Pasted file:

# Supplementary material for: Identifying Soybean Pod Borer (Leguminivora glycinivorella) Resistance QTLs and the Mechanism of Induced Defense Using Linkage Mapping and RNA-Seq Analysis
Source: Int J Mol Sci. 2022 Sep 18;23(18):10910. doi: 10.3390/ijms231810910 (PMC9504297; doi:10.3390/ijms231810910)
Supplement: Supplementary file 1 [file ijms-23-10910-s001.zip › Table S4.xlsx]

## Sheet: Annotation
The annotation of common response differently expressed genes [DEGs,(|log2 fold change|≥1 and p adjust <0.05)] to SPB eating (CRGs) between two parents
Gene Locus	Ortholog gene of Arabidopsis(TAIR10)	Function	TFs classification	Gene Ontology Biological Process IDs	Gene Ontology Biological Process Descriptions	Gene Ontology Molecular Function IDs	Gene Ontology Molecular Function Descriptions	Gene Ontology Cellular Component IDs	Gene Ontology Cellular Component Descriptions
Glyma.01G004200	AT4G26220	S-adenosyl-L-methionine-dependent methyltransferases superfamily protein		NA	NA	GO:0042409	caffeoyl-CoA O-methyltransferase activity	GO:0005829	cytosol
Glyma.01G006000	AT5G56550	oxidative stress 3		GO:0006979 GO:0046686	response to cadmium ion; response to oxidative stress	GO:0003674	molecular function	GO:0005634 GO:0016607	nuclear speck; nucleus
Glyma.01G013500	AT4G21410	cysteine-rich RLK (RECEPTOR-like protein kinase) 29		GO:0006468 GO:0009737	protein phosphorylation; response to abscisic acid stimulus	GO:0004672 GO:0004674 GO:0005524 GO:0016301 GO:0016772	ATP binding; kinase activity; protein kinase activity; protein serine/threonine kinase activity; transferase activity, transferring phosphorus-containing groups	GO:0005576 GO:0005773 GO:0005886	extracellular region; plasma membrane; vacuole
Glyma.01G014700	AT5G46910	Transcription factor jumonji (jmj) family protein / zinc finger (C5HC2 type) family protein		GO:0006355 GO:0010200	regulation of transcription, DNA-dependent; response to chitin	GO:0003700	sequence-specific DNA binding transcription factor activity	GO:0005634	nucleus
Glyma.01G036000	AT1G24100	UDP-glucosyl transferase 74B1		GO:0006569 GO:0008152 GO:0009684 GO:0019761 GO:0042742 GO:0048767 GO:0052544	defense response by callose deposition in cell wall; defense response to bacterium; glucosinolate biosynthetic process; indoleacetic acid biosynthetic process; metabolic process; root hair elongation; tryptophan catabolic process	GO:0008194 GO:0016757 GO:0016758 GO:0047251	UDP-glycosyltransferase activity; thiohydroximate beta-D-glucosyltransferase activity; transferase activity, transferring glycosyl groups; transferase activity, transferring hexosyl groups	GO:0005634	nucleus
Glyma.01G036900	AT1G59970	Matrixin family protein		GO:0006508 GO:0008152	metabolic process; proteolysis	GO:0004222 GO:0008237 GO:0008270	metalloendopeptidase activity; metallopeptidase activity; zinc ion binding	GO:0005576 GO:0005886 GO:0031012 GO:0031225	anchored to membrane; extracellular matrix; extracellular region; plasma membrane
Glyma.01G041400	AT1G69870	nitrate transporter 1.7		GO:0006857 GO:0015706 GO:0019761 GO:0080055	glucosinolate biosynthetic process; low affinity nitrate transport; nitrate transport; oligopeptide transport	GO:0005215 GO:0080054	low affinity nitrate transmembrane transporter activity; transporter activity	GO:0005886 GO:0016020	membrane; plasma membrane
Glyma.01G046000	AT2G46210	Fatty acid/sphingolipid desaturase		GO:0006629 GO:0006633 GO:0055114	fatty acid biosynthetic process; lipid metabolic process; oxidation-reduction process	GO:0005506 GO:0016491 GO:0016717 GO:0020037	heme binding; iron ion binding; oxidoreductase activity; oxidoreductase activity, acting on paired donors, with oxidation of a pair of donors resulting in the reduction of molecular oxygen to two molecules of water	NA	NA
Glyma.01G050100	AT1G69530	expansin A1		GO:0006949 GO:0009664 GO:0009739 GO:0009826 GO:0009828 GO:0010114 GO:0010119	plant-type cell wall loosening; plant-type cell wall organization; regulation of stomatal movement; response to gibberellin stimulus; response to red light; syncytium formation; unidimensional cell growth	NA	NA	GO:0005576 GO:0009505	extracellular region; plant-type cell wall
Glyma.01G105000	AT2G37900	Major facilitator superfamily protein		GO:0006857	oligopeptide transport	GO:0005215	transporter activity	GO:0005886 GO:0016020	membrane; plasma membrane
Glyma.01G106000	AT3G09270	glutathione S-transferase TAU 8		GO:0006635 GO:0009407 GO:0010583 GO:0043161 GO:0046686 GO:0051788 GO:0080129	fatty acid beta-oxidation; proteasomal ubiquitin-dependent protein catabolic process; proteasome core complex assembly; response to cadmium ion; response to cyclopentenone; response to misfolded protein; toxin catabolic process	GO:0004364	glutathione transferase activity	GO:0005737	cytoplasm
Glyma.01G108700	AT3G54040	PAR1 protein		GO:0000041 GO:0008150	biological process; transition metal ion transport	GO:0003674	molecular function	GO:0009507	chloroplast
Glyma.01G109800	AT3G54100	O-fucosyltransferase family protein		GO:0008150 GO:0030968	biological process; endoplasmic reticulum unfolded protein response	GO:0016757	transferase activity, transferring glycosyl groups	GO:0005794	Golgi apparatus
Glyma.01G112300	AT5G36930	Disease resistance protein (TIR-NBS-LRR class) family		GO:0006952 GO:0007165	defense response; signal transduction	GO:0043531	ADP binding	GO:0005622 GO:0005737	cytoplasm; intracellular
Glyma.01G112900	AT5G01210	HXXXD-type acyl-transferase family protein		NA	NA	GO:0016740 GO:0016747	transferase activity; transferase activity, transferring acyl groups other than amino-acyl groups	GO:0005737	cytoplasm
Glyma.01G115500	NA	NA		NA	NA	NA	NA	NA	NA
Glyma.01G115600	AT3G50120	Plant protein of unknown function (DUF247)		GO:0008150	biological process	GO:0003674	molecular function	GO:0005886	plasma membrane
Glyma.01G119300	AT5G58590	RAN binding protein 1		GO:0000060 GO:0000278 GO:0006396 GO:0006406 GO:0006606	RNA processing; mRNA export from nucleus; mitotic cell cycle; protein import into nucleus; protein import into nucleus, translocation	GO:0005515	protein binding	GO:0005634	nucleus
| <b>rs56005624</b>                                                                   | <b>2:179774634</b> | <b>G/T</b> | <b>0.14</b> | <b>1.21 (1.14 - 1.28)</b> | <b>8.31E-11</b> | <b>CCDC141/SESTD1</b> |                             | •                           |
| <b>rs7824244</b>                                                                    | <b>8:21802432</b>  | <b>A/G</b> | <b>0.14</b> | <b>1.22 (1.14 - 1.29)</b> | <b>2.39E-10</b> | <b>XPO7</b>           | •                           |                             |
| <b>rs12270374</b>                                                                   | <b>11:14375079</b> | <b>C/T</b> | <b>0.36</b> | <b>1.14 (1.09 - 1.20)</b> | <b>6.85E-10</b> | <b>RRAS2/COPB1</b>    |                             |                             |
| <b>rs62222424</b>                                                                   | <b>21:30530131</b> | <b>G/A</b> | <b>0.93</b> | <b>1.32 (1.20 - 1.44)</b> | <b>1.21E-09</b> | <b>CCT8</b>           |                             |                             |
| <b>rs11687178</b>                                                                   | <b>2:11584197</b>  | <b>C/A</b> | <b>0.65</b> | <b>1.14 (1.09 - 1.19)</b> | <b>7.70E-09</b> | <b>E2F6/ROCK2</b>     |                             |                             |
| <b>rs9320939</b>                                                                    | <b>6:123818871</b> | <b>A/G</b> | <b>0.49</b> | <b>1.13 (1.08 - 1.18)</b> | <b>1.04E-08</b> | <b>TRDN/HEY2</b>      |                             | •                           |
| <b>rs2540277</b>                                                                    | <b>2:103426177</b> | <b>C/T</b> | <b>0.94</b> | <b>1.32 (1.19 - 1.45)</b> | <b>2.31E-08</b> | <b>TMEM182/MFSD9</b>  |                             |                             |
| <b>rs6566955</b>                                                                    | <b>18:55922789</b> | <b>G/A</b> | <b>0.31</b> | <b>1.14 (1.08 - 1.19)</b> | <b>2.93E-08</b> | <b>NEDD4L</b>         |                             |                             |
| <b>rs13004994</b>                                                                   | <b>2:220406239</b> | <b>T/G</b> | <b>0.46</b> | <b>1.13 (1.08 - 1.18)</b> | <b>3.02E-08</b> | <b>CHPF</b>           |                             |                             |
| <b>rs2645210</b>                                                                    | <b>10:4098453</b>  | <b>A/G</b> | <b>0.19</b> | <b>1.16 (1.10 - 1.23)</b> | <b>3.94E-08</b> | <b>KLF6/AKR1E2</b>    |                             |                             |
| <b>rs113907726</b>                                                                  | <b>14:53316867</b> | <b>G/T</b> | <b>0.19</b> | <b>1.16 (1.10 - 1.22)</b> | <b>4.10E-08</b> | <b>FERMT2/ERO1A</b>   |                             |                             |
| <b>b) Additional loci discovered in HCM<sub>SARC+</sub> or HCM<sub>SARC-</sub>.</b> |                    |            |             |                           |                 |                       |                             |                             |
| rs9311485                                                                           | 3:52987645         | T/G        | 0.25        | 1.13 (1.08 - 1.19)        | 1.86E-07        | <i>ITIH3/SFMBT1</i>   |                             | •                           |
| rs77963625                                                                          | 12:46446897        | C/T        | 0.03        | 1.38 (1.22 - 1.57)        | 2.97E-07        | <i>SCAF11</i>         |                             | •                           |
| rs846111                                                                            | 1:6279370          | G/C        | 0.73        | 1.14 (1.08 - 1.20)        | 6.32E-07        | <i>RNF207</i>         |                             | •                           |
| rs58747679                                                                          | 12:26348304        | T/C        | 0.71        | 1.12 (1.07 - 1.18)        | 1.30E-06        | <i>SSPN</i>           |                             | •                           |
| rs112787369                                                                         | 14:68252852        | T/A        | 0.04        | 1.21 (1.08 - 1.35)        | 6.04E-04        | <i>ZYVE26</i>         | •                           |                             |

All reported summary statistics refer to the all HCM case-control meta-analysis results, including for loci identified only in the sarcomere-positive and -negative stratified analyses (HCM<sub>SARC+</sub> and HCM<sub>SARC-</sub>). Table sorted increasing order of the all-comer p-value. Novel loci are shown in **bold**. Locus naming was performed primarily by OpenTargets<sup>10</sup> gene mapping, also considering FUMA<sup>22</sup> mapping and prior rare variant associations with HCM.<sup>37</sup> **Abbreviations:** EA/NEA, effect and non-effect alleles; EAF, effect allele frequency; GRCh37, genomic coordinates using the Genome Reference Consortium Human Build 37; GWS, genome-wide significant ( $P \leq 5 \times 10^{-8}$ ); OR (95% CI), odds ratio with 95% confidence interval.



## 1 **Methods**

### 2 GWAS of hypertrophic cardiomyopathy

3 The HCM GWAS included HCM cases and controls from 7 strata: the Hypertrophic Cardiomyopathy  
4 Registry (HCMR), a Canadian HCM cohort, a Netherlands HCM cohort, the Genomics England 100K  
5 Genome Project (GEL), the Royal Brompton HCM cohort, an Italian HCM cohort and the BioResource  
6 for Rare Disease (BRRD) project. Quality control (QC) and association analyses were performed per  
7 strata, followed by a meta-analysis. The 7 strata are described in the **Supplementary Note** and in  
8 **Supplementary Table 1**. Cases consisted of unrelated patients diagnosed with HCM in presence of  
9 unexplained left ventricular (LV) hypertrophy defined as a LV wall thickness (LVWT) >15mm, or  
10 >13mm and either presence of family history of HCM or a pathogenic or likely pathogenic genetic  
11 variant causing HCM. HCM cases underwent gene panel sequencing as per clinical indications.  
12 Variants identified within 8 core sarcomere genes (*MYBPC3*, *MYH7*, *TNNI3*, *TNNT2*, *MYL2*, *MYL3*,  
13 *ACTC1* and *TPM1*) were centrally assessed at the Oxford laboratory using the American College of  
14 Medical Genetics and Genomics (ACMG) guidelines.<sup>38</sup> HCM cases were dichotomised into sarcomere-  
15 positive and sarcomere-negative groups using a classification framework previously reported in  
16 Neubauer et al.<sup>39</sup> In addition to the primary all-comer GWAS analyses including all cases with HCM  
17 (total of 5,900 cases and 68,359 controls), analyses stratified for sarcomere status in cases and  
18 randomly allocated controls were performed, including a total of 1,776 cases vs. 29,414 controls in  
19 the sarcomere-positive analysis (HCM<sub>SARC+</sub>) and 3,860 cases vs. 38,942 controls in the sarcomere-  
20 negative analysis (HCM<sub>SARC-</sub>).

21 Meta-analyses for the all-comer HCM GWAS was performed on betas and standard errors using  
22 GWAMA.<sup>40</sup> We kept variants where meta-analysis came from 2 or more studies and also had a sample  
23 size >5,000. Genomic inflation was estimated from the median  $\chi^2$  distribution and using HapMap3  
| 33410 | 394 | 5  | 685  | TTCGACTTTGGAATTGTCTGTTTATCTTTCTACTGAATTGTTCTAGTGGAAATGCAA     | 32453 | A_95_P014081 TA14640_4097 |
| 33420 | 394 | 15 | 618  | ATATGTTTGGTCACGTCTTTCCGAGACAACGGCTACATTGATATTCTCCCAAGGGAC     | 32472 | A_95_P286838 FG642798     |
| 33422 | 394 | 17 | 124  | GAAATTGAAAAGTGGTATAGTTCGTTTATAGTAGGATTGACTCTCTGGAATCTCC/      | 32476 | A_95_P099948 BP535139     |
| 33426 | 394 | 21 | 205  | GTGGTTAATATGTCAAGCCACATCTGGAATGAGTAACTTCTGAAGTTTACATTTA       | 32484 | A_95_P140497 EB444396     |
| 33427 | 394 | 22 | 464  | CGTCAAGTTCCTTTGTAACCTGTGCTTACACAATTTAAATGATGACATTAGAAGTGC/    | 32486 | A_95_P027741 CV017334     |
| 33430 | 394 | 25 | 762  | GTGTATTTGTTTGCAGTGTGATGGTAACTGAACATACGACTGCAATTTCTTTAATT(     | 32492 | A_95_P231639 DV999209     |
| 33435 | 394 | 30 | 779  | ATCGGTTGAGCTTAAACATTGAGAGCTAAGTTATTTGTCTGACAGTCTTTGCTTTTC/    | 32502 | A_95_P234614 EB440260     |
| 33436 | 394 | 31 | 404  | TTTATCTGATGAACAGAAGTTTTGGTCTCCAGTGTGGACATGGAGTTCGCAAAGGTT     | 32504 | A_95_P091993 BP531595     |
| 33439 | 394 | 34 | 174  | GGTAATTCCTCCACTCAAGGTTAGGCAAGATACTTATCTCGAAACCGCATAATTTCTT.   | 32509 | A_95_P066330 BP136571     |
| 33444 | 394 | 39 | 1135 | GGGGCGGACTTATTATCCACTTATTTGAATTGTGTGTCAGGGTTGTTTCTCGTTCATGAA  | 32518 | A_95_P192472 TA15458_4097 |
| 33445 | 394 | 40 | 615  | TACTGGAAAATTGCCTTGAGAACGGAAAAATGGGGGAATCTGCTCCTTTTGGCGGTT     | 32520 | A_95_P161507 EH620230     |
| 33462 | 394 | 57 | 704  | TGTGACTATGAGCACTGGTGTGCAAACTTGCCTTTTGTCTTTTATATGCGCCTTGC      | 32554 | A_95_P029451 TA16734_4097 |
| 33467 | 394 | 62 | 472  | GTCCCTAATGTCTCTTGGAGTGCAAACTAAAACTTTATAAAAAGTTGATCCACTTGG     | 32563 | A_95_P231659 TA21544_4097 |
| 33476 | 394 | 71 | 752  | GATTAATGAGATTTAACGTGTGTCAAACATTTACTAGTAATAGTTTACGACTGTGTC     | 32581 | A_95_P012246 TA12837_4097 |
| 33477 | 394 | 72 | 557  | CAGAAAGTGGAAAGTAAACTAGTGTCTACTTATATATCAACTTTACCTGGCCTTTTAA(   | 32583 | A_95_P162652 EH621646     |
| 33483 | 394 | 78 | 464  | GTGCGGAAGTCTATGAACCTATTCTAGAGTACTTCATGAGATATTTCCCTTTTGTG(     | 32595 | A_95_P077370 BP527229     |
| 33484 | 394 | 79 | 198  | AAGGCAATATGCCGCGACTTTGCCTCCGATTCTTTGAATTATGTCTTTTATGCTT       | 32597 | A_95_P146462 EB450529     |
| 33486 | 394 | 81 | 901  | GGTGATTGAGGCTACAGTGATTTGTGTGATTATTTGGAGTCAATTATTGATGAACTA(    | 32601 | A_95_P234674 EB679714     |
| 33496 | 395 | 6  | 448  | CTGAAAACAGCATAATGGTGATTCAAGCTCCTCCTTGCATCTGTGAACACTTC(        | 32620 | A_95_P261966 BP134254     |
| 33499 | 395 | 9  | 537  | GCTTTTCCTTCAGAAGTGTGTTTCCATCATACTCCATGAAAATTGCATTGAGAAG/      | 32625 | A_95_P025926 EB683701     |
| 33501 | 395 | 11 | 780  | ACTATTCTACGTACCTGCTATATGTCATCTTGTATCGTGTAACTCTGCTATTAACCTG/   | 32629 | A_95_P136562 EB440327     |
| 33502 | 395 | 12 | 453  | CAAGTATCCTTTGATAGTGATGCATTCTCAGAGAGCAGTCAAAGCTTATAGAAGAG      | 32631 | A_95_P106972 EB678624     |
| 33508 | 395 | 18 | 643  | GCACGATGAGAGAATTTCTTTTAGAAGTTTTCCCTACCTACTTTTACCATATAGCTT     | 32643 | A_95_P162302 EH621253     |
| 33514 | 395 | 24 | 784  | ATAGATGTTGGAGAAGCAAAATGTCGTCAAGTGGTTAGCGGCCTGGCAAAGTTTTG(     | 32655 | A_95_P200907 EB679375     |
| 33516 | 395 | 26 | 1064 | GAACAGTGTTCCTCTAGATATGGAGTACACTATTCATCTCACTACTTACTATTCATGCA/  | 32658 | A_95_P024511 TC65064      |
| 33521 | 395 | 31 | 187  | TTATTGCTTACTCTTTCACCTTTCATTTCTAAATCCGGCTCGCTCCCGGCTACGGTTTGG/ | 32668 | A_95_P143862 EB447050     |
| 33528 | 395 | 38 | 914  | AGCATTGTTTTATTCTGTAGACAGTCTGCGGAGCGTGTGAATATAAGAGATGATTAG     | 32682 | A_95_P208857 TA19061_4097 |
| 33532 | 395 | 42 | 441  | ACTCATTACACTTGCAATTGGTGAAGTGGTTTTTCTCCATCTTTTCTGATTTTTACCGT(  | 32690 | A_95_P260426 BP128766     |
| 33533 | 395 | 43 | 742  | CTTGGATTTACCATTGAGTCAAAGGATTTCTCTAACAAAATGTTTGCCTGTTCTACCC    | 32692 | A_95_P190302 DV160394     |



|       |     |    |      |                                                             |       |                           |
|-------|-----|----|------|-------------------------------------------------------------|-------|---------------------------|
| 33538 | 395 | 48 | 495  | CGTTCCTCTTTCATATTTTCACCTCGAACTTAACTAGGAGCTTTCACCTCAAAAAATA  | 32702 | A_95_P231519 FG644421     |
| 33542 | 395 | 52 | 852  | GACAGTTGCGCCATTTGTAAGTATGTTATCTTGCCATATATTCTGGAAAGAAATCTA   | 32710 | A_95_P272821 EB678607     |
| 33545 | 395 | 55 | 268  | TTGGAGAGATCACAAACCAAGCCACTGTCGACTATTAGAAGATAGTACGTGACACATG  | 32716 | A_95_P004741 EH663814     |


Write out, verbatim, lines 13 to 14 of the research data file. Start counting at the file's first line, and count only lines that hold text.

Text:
Glyma.01G041400	AT1G69870	nitrate transporter 1.7		GO:0006857 GO:0015706 GO:0019761 GO:0080055	glucosinolate biosynthetic process; low affinity nitrate transport; nitrate transport; oligopeptide transport	GO:0005215 GO:0080054	low affinity nitrate transmembrane transporter activity; transporter activity	GO:0005886 GO:0016020	membrane; plasma membrane
Glyma.01G046000	AT2G46210	Fatty acid/sphingolipid desaturase		GO:0006629 GO:0006633 GO:0055114	fatty acid biosynthetic process; lipid metabolic process; oxidation-reduction process	GO:0005506 GO:0016491 GO:0016717 GO:0020037	heme binding; iron ion binding; oxidoreductase activity; oxidoreductase activity, acting on paired donors, with oxidation of a pair of donors resulting in the reduction of molecular oxygen to two molecules of water	NA	NA